Photograph 51

by Anna Ziegler
Noel Coward Theatre, London

Michael Grandage kicks off another West End season with American playwright Anna Ziegler's Photograph 51, a compelling portrait of British scientist Rosalind Franklin whose vital work led to the discovery of the structure of DNA. It's a stunning production that marks the much anticipated return of Nicole Kidman to the London stage after 17 years.

The play explores the final years of Franklin's life, beginning with her return from Paris in early 1951 to her untimely death due to ovarian cancer. We see her as the illustrious academic relegated to the shadows in the cloistered world of King's College London, presided over by bumptious molecular biologist Maurice Wilkins. Nonetheless, she perseveres in taking X-ray photographs of DNA molecules, meticulously performing all her calculations by hand and trying to refine the images she obtains.  When Wilkins shares the titular photograph taken by her with rival scientists at Cambridge -  Francis Crick and James Watson - they manage to successfully unlock its double helix structure. All three men eventually earn the Nobel Prize for their efforts.

Photo Credit: Mark Benner

Kidman's performance as Franklin anchors the production. She catches perfectly the quiet ambition of a woman driven to make her mark in the world of science, a clubby, male-dominated milieu that casually excludes her from lunch and conversation. Kidman's Franklin is restrained but riveting; one is rapt as she gazes with undisguised wonder at the photograph that hints at the meaning of life or reveals her simple desire to learn more about the world around her. She also sensitively articulates Franklin's grapple with intimacy. In a moving scene, her aloofness when having dinner with a visiting American scientist belies the fact that she secretly longs to have a man by her side.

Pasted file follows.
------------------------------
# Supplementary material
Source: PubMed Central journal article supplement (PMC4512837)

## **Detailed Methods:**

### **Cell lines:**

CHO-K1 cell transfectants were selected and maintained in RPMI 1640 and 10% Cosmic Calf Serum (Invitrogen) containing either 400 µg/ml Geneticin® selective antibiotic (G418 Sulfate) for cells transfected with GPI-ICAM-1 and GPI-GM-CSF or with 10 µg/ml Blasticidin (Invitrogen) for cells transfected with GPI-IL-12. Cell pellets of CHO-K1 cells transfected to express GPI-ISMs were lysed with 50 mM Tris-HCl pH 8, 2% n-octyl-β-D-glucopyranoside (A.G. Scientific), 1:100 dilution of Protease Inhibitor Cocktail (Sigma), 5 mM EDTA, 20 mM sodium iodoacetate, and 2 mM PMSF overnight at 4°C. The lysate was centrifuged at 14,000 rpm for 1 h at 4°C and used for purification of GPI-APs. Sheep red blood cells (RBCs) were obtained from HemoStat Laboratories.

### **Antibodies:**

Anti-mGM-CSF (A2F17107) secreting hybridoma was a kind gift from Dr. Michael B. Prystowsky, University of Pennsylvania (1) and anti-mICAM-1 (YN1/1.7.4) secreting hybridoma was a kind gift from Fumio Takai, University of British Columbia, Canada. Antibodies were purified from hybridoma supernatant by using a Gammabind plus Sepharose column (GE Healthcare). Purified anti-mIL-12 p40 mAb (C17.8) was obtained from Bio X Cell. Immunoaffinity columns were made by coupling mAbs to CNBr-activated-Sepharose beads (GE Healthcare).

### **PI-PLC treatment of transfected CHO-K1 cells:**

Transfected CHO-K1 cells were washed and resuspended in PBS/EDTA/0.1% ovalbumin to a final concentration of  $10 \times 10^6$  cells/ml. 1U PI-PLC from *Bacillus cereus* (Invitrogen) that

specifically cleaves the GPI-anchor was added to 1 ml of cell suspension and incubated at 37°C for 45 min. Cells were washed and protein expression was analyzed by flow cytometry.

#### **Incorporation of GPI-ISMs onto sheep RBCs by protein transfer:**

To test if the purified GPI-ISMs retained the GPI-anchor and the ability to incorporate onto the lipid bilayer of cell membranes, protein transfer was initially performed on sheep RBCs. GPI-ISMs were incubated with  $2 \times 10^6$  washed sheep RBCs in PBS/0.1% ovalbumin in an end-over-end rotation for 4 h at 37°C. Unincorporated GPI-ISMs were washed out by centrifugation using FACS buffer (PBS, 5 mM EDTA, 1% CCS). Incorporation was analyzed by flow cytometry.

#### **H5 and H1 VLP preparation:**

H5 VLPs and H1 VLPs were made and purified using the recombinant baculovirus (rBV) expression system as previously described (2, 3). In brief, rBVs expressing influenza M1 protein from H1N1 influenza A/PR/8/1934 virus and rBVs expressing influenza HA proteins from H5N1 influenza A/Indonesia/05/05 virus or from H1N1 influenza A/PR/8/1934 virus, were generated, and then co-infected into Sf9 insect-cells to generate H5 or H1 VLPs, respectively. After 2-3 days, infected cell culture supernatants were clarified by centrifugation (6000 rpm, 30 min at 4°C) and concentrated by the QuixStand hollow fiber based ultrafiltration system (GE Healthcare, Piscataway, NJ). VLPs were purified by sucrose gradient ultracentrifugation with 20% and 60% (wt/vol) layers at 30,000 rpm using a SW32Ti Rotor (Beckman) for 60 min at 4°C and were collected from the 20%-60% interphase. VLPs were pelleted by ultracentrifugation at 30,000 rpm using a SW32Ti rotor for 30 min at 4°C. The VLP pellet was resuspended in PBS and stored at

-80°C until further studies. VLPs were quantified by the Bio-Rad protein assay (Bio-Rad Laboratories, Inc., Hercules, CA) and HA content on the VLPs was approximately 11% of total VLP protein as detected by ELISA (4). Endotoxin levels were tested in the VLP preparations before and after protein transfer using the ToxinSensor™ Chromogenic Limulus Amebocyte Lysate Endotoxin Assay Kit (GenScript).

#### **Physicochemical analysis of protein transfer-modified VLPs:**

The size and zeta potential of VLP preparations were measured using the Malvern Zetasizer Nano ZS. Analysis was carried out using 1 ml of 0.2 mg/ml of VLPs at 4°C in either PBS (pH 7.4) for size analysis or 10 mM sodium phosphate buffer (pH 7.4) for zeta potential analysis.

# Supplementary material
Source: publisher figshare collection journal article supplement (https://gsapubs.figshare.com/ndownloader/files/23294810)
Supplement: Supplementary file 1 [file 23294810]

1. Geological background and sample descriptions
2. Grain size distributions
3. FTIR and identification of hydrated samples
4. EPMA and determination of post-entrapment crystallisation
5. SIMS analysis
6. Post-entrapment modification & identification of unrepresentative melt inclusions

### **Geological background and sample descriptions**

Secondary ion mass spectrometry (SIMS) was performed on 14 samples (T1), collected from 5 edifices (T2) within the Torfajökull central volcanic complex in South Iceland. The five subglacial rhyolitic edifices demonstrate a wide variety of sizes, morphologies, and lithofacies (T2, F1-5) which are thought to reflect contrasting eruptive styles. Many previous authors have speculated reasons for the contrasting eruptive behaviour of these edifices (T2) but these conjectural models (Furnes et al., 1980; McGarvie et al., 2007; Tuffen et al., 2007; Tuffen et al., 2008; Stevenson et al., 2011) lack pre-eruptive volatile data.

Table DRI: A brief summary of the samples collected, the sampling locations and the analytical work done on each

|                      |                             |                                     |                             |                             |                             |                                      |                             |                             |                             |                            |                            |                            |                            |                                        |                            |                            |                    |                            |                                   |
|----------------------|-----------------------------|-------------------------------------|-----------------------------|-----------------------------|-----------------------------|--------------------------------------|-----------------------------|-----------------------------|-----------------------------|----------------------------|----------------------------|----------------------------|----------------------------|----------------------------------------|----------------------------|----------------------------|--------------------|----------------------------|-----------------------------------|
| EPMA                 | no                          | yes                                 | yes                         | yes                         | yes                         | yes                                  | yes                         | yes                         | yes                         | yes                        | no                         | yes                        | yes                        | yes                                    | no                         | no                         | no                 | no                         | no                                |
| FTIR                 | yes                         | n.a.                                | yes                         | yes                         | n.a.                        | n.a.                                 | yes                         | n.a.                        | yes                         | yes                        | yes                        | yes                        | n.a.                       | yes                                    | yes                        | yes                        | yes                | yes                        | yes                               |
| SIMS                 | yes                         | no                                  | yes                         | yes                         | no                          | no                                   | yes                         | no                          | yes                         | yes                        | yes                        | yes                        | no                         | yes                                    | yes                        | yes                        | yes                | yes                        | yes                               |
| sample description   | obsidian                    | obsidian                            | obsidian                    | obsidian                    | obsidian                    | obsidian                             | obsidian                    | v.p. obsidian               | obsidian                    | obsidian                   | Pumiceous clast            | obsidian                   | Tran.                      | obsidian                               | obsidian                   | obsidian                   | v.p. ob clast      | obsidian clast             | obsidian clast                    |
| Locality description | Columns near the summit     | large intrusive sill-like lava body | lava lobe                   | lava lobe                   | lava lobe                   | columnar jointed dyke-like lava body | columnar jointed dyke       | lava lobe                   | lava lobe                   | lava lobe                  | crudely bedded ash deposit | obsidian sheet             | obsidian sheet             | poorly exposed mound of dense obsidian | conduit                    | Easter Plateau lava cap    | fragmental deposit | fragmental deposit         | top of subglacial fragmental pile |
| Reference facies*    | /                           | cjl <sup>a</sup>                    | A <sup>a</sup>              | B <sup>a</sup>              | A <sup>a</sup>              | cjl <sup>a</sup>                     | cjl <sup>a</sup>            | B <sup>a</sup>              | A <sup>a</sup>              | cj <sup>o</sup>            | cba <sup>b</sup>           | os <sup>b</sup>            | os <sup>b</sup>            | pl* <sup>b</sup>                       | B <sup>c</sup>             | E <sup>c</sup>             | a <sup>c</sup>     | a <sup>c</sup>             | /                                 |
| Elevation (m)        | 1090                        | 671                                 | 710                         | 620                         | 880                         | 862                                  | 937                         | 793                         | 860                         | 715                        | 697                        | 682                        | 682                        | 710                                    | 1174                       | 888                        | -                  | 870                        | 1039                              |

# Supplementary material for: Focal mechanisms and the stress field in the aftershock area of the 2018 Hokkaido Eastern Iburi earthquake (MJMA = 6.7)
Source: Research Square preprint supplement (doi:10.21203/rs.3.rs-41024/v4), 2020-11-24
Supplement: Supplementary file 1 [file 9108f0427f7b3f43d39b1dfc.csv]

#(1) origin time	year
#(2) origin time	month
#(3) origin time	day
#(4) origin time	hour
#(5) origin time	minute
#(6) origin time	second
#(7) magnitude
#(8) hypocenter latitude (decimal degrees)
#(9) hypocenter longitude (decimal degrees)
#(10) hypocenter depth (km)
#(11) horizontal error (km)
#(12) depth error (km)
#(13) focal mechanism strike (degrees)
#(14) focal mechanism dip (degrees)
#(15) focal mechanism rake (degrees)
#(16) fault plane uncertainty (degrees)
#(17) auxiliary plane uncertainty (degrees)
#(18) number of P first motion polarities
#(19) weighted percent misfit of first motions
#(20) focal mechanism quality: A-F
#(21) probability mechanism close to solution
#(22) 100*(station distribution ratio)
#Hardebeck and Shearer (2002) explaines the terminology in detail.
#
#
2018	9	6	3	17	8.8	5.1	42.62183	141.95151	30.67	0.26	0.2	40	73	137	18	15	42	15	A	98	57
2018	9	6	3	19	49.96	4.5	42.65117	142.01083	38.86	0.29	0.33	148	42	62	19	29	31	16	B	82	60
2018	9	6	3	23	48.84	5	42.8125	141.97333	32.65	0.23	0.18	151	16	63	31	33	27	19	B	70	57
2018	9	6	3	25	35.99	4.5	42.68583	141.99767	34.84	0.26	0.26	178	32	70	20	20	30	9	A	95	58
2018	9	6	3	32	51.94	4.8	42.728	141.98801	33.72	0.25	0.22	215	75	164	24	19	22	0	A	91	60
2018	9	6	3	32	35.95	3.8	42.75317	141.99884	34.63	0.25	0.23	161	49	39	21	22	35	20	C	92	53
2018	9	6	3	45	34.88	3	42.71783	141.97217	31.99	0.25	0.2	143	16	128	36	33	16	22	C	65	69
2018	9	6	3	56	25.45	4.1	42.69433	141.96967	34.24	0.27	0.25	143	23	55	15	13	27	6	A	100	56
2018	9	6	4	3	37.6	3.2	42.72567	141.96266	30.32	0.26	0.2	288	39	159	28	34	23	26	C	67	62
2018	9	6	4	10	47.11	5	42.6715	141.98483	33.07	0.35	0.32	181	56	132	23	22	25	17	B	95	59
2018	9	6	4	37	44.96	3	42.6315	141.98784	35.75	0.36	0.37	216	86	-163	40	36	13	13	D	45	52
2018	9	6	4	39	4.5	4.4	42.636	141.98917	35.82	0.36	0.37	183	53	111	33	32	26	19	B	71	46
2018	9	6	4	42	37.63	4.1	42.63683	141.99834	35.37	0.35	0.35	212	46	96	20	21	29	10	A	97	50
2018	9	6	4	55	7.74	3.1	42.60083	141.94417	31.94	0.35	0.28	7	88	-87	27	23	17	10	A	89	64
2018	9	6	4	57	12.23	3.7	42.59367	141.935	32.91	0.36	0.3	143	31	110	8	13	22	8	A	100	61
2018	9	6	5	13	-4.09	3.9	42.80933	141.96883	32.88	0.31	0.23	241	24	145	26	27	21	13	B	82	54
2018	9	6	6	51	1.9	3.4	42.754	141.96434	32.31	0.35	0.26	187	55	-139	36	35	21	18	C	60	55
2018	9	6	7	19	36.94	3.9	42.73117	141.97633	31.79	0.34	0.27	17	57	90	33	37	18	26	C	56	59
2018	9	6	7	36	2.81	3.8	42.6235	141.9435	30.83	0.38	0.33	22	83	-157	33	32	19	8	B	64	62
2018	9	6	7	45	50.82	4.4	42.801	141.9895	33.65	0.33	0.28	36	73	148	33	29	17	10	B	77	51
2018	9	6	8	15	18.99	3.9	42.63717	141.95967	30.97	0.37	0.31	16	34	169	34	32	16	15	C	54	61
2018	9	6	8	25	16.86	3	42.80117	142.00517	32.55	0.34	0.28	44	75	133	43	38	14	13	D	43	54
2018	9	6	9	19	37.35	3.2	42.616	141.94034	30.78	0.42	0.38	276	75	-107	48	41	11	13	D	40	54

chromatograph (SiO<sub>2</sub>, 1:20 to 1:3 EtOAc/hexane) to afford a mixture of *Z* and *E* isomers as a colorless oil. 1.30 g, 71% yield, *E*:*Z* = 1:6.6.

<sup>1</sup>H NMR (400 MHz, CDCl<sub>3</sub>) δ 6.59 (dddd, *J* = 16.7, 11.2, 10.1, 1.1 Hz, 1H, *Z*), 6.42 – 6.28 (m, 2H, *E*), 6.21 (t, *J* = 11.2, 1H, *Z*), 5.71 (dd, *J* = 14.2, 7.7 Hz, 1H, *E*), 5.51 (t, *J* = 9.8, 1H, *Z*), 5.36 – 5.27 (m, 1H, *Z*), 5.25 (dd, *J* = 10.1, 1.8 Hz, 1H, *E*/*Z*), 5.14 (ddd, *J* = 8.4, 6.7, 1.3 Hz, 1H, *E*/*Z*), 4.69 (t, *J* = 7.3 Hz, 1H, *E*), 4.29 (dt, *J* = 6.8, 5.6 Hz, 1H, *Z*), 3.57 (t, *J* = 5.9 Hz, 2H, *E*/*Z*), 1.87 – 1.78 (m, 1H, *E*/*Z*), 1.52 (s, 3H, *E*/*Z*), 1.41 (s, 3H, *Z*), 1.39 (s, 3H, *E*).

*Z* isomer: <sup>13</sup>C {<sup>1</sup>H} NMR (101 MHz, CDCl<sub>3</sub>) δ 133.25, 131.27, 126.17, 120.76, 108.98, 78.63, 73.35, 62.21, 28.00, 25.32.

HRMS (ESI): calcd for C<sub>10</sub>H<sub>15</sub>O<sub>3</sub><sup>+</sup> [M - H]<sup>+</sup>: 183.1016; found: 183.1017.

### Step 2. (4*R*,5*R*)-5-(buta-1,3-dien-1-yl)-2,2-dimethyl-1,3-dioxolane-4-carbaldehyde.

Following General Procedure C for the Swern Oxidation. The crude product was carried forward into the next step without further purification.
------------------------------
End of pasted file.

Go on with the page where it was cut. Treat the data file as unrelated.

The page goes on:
Grandage's taut, elegiac production moves along very smoothly and boasts some terrific performances. Stephen Campbell Moore shines with a deeply empathetic turn as the socially awkward Wilkins, a man who battles with his own feelings for Franklin until it is too late. Indeed, the play itself is structured as a fragment of Wilkins' memory and there is an undercurrent of melancholy about missed opportunities that infuses the narrative.

Photo Credit: Johan Persson

There is very good work by Edward Bennett as Crick, the chummy yet cunning Cambridge scientist keen to find out as much as he can about Franklin's work. Will Attenborough, last seen onstage in Another Country, makes an energetic impression as Watson despite a somewhat unconvincing American accent. And Joshua Silver brings the right note of self-deprecating humour as overlooked PhD student Jay Gosling.

Christopher Oram's set conveys the traditional yet grimy world of post-war London, its majestic, vaulted arches covered with soot. This heaviness is beautifully balanced with an illuminated floor that nods to the world of technology and photography; suggesting the light of scientific discovery in this most drab of environments.

One would perhaps be keen to learn a little more about Franklin's personal life and the revelation of her cancer at the end feels a little abrupt. Because the play is so focused on her experience, some of the supporting characters seem thinly written: the competitive academic, the friendly American. Yet, Photograph 51 ultimately remains a vindication of Franklin's invaluable contributions to the world of science. While she may have succumbed to her condition well before her time, her work was that crucial building block that led to this remarkable breakthrough. And for that, she deserves to be richly remembered.
The Crystalwords score: 4/5


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